When Granite Staters fill out their ballots next week, most probably won't hesitate when making their choices for president or governor.
When looking down the ballot, chances are they will probably have no problem choosing other candidates as well. Then, there are the three questions.
The three questions — including two constitutional amendments that proponents say if approved, will help protect New Hampshire tradition.
Political analysts say some voters may not even see the questions at the bottom of the ballot, never mind make informed decisions on them.
Question 1 asks voters to adopt an income tax ban, while Question 2 gives the Legislature authority to regulate the courts. Question 3 asks if a convention should be held to amend the state constitution.
Although a heavy turnout is predicted for Election Day, don't expect many voters to be weighing in on these questions, except for maybe the income tax ban, the analysts said.
"There is so much attention paid to the top races, it is very difficult to get voters interested in what's going on at the bottom of the ballot," said University of New Hampshire political science professor Dante Scala. "I would say passage of both (amendments) is difficult."
Adopting a constitutional amendment requires approval from two-thirds of voters, making it even more difficult to enact these proposals, he said.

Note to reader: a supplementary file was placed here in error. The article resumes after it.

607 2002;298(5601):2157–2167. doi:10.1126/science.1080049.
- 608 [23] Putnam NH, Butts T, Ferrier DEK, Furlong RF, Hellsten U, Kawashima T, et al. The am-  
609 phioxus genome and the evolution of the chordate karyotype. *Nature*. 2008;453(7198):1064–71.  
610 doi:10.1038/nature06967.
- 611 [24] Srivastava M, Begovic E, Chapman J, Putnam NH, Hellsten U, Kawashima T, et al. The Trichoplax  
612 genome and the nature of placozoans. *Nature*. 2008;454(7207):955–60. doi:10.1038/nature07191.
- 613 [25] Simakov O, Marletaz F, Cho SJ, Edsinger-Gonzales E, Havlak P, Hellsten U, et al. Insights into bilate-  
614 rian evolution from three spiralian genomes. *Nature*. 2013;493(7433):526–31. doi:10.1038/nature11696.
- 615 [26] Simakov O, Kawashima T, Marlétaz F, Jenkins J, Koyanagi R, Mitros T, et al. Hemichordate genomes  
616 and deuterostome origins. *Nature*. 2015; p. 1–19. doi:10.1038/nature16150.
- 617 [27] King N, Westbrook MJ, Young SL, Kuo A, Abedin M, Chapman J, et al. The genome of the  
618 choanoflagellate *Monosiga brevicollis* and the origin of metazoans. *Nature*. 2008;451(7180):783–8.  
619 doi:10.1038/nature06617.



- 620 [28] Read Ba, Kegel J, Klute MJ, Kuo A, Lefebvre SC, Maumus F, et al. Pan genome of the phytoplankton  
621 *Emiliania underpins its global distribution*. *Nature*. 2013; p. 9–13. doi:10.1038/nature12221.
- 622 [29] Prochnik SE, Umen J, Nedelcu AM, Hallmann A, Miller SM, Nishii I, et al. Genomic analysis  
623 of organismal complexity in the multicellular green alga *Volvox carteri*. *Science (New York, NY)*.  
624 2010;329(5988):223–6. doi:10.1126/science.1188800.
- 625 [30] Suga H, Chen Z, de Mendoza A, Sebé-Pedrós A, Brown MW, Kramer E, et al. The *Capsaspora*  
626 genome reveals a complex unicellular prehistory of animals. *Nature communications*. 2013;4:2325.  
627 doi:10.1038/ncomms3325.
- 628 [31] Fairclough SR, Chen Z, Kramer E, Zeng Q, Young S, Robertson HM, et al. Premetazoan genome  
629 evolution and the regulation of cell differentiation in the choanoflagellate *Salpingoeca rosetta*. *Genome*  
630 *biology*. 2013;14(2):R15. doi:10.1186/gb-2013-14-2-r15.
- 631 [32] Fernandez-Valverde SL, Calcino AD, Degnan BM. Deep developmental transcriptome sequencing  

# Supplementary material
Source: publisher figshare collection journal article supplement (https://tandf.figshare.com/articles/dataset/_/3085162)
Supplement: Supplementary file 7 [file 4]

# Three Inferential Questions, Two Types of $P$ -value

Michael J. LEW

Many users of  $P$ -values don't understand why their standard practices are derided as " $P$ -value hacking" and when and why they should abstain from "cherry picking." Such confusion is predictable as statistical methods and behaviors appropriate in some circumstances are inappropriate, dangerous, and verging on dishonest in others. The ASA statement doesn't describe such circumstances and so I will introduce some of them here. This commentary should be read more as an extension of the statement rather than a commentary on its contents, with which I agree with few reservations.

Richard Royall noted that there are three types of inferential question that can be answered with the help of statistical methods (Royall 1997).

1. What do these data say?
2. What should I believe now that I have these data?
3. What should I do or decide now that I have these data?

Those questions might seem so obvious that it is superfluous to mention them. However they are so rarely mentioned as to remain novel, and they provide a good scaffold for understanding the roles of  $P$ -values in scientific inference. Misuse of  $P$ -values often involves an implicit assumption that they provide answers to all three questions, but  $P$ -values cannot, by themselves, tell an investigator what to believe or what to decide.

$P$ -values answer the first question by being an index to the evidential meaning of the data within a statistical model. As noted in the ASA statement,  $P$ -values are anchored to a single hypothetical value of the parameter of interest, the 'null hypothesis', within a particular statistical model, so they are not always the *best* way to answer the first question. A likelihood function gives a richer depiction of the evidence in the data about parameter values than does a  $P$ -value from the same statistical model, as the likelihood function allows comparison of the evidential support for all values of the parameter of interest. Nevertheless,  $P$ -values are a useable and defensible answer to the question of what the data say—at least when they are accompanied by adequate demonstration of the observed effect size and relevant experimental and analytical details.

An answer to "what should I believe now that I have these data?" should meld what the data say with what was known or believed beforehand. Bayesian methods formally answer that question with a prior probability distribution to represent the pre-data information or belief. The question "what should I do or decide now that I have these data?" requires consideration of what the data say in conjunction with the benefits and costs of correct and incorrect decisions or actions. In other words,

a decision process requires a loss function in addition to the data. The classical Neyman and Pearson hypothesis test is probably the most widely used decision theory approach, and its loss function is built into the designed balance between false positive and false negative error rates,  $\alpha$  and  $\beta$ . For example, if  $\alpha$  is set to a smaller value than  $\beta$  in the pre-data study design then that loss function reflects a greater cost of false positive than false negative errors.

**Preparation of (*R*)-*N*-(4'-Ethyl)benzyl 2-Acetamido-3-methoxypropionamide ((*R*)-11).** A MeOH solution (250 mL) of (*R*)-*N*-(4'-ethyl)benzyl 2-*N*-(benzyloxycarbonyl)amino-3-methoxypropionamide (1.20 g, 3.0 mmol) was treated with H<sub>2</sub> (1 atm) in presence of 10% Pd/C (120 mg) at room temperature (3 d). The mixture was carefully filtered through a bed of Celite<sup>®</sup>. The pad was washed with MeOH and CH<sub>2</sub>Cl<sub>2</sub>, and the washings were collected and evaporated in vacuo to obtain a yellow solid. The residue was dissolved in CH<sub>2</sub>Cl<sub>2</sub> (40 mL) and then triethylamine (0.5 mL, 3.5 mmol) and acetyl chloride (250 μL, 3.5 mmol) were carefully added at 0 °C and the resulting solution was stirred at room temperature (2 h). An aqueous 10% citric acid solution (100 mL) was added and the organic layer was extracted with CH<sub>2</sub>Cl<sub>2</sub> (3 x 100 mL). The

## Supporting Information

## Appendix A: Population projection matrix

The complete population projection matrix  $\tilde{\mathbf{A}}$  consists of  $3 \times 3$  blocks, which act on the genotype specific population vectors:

Fellow political science professors and analysts Andrew Smith and Dean Spiliotes agree that few voters are aware — or even care — about the three questions. Many who are knowledgeable about the questions just don't feel amending the state Constitution is the right thing to do, they said.
That includes people who oppose an income tax, they said.
"The juice isn't there for this down the ballot," Spiliotes said.
Smith, head of the UNH Survey Center, said while many voters may have opinions on the income tax question, the same can't be said for the other two proposals.
The Survey Center's latest poll of 773 likely voters shows they are divided on the income tax issue, indicating the question wouldn't receive the necessary two-thirds support.
The poll, conducted between Oct. 17 and 23, shows 44 percent would vote for the amendment, 34 percent would not and 23 percent are unsure. The voters were not polled on the other two questions.
"The others are increasingly difficult for people to be aware of," Smith said.
Scala agrees, especially when it come to the court question. Question 2 would preserve the state Supreme Court's rule-making authority, but would give the Legislature the power to regulate the courts. If there is a conflict between state law and a court-established rule, the law would be followed unless it contradicts the Constitution.
"I don't know if voters will be able to make heads or tails of that," Scala said of the question. "I think they would be more likely to say no or leave it blank."
Question 3, which by law must appear on the ballot every 10 years, simply asks if voters want to convene a convention to amend the state Constitution.